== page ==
It’s an early autumn morning, yet the roughly 20 teenagers gathered in their school library for a 9 a.m. student council meeting are wide awake. Outside, the winds ushering in the season’s first cold front are howling, rattling the windows and seeping through the 90-year-old walls. It’s not quite winter yet, but these students are already discussing a pivotal rite of spring: high school graduation, or more specifically, where to host it.
“I can tell you right now, my people ain’t going to come if it’s all the way out here,” says 17-year-old DeaMoney Caldwell.
Location is an issue to be addressed early and often here at Community High. Although it’s in Swannanoa, Buncombe County’s alternative high school includes students from every county school district, as well as the Asheville City Schools.
The kids who come here face significant challenges. Some are in foster care, some are homeless, some live with their families in poverty. Some have social anxieties, eating disorders, mental illness or learning disabilities. Some are young parents; others work to help support their family. Things that might seem simple, such as when and where to hold the spring graduation ceremony, often are not.
Transportation is a daily struggle. The students catch their first bus to their district (or “base”) school, often before 6:30 a.m. There, they’ll wait about half an hour for a second bus to take them to Community High: a total travel time of almost two hours. In the winter, when snow can lead to late starts and early closures, this can mean spending more time on the bus than in the classroom.
And for these students, the time spent on the bus or waiting at a base school (where they’re kept separate from the other kids) is often time spent feeling ostracized, even ridiculed. They say they hear names like “misfit,” “criminal,” “slut” and “disease.”
“I tell people I go to Community High, and they say: ‘Why do you go there? Are you a bad kid?’” 17-year-old Jasmine Babb reports.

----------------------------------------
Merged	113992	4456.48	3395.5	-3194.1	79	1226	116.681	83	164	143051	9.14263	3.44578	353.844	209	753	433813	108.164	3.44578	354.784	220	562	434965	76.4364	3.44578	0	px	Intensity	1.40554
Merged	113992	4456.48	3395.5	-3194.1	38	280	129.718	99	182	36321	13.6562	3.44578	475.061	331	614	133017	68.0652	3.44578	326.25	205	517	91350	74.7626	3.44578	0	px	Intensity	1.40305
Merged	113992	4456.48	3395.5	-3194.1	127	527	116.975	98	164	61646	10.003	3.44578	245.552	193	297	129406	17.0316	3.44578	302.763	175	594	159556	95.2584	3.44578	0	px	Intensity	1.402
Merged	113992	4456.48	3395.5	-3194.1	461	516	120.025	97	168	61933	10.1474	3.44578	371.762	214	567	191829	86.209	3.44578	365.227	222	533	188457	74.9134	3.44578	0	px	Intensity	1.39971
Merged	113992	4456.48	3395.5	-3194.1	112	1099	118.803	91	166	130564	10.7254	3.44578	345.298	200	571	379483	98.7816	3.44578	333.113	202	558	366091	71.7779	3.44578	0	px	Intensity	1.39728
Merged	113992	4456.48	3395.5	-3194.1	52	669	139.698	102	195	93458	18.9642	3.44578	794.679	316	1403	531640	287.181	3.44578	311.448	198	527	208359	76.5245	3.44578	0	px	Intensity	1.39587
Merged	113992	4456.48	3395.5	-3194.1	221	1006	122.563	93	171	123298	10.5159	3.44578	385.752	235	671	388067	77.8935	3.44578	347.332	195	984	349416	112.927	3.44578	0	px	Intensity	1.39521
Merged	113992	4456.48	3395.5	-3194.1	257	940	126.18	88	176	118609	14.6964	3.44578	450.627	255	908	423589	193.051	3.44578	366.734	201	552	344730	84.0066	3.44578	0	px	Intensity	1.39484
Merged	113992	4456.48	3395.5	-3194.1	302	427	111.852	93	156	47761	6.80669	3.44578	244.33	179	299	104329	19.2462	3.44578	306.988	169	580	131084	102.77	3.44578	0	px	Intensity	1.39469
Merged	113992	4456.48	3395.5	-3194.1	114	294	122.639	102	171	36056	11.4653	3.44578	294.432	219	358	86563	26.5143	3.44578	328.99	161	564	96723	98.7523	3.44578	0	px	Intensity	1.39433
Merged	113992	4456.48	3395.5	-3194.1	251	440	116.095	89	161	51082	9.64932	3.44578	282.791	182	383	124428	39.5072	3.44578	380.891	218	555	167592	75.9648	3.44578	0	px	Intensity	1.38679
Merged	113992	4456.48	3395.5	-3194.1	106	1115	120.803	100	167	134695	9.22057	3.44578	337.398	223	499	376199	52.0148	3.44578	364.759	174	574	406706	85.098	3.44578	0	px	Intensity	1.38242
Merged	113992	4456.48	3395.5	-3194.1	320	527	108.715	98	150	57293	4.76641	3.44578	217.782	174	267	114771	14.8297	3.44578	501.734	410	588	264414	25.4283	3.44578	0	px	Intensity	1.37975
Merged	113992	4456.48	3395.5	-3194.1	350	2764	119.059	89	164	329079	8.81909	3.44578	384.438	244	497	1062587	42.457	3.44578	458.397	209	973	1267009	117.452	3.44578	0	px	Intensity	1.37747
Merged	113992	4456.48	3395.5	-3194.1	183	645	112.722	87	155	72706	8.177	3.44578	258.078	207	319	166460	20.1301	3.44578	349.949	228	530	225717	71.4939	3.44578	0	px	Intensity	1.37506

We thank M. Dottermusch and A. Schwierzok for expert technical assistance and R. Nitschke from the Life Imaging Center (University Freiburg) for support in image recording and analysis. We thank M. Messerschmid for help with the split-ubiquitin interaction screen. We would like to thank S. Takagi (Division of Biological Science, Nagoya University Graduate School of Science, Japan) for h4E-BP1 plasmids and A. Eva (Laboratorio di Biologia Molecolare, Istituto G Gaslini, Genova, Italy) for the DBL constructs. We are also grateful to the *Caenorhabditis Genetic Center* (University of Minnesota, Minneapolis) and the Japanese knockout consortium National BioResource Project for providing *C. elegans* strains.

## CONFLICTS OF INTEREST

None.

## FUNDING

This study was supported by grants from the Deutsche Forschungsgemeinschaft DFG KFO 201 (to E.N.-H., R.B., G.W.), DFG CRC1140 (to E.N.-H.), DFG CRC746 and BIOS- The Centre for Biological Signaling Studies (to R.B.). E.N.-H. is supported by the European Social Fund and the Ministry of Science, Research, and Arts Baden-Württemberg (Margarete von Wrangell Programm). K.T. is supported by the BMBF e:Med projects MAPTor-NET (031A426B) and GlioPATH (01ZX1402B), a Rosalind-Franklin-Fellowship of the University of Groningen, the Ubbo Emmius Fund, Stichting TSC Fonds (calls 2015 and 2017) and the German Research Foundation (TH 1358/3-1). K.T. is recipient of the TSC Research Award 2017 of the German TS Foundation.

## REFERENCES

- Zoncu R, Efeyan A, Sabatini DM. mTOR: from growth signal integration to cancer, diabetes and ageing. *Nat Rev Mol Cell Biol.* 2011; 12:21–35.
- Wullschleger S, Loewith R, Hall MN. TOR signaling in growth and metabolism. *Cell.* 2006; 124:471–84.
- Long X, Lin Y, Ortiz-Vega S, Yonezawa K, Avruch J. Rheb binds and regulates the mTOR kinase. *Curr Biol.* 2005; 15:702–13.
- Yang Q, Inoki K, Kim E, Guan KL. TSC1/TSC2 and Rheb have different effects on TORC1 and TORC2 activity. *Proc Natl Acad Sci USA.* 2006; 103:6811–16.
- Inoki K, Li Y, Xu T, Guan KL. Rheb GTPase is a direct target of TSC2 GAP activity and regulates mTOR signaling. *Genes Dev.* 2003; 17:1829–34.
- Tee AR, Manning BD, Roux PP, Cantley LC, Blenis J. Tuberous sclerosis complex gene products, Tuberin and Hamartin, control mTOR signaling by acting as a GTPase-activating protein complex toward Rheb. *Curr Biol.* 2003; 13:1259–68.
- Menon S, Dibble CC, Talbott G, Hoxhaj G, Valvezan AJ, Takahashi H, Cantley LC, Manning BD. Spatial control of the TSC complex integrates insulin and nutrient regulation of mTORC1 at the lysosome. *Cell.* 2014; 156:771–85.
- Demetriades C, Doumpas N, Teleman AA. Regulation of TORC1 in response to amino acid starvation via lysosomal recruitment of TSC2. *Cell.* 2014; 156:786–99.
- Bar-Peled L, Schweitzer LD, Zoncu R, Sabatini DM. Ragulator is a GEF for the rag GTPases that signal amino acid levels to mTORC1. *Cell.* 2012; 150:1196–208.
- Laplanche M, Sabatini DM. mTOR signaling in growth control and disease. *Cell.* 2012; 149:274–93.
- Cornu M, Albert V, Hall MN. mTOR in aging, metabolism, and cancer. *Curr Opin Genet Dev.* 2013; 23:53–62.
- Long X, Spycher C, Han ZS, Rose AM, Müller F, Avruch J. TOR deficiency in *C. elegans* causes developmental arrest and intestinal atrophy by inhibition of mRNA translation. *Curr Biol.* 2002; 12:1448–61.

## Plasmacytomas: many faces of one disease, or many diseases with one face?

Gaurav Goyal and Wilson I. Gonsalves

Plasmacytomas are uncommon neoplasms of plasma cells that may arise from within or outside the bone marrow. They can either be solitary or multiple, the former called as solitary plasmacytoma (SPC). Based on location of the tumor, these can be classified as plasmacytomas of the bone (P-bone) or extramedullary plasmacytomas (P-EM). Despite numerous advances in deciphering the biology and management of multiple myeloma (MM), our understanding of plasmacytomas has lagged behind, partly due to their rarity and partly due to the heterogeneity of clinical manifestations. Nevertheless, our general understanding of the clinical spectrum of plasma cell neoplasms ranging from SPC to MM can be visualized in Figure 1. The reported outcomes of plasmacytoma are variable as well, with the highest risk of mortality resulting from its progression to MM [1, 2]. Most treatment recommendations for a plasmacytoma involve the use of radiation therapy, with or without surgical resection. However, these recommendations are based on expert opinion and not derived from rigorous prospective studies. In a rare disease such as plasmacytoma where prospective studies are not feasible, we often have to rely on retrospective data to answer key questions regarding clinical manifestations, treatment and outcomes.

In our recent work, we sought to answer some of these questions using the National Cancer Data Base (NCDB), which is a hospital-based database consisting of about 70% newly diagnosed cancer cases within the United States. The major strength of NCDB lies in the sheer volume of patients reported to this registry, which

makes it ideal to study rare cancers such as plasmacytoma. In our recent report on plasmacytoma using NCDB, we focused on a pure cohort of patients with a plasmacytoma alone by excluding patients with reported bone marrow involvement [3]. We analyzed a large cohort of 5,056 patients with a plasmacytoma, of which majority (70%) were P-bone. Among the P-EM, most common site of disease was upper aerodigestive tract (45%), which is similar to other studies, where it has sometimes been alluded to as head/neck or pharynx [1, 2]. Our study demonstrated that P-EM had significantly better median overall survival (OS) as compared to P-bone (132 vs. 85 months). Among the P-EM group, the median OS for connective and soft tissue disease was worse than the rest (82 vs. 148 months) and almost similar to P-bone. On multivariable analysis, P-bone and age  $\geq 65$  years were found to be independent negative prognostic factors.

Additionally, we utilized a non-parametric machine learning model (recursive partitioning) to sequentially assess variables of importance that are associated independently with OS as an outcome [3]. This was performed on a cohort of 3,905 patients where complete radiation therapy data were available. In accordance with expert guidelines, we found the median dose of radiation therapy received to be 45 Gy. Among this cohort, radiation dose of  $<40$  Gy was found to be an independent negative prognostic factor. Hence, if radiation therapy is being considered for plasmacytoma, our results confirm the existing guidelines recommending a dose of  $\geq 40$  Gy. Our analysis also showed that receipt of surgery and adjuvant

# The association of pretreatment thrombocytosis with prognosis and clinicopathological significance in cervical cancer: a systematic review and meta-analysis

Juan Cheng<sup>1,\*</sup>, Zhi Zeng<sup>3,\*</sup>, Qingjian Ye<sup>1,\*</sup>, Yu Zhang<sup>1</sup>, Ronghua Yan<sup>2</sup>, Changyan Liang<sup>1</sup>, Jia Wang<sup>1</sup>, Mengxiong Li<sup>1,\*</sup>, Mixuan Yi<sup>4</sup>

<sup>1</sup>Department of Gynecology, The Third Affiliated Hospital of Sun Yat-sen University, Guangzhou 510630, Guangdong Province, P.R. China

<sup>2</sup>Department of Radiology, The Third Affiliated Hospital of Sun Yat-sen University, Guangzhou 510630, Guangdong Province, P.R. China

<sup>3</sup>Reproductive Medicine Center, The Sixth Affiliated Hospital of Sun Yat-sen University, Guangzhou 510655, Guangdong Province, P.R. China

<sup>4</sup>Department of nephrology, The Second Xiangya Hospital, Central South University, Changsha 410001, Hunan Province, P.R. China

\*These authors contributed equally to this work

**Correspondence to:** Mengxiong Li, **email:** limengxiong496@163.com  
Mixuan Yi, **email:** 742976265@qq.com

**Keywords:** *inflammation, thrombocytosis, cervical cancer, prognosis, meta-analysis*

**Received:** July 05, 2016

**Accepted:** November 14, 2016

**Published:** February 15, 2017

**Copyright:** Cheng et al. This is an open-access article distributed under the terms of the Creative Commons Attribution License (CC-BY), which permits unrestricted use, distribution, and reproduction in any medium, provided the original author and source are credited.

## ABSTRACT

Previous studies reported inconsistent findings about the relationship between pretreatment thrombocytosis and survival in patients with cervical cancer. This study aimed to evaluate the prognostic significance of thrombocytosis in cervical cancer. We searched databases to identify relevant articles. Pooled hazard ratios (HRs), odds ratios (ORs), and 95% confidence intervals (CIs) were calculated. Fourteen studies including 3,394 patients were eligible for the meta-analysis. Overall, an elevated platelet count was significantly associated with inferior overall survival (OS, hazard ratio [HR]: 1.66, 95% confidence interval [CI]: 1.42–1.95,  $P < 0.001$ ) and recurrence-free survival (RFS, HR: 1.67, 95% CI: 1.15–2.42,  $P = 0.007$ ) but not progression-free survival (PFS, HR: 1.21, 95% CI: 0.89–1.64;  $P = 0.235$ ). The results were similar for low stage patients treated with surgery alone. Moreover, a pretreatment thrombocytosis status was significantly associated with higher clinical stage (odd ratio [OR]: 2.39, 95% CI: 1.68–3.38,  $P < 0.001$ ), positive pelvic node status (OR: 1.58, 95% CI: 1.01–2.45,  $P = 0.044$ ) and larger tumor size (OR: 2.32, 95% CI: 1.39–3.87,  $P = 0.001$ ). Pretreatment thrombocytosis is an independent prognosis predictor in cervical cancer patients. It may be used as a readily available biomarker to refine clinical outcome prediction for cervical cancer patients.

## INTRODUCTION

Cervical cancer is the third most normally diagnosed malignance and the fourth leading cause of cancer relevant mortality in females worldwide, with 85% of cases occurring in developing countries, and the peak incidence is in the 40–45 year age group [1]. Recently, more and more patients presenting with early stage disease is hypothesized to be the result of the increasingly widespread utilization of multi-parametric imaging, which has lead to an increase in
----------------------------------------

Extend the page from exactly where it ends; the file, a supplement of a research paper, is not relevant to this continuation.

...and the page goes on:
Erica Battle, Community High’s instructional coach, says her students tell her it’s seen as “the bad kids’ school.”
“They hear it from students at their base school; they hear it from staff at their base schools, ” says Battle. “The public either buys into that or doesn’t know much about us. So this year more than ever, our students are voicing that they want to be known for the good things they do.”
And it seems there are good things happening at Community High. In the last academic year, the school met state-mandated progress goals for end-of-course test scores. And beginning this semester, the school has college-level Advanced Placement classes, something only a handful of alternative high schools in North Carolina offer.
“It lets them know we believe they are capable of going to college, because this is a college-level class,” notes AP statistics teacher Teresa Caron.
Enrollment at Community High fluctuates constantly: Each semester, some students graduate, and new ones periodically transfer in. Attendance is never perfect. Some students will drop out — sometimes for a while, sometimes forever. And yet, 30 of the roughly 140 students, or 21 percent, are currently enrolled in AP courses.
They won’t be required to sit for the AP exam that comes at the end of the course, and Caron says she doesn’t expect that every student will master all the material. But she believes that participating in these classes is raising the self-esteem of kids who’ve been told their whole lives that they will fail.
“I’ve been in schools where the teachers say, ‘Well, they just need to get over it: They’re in high school now.’ And they cut them no slack for what they’re dealing with at home,” said Caron. “Some of these kids that come here, they’ve been kicked out, they’re homeless, some of them have babies. You can’t just say, ‘I don’t care what’s going on outside of the classroom: Do what I require in here and don’t bring it in.’ It’s a part of them.”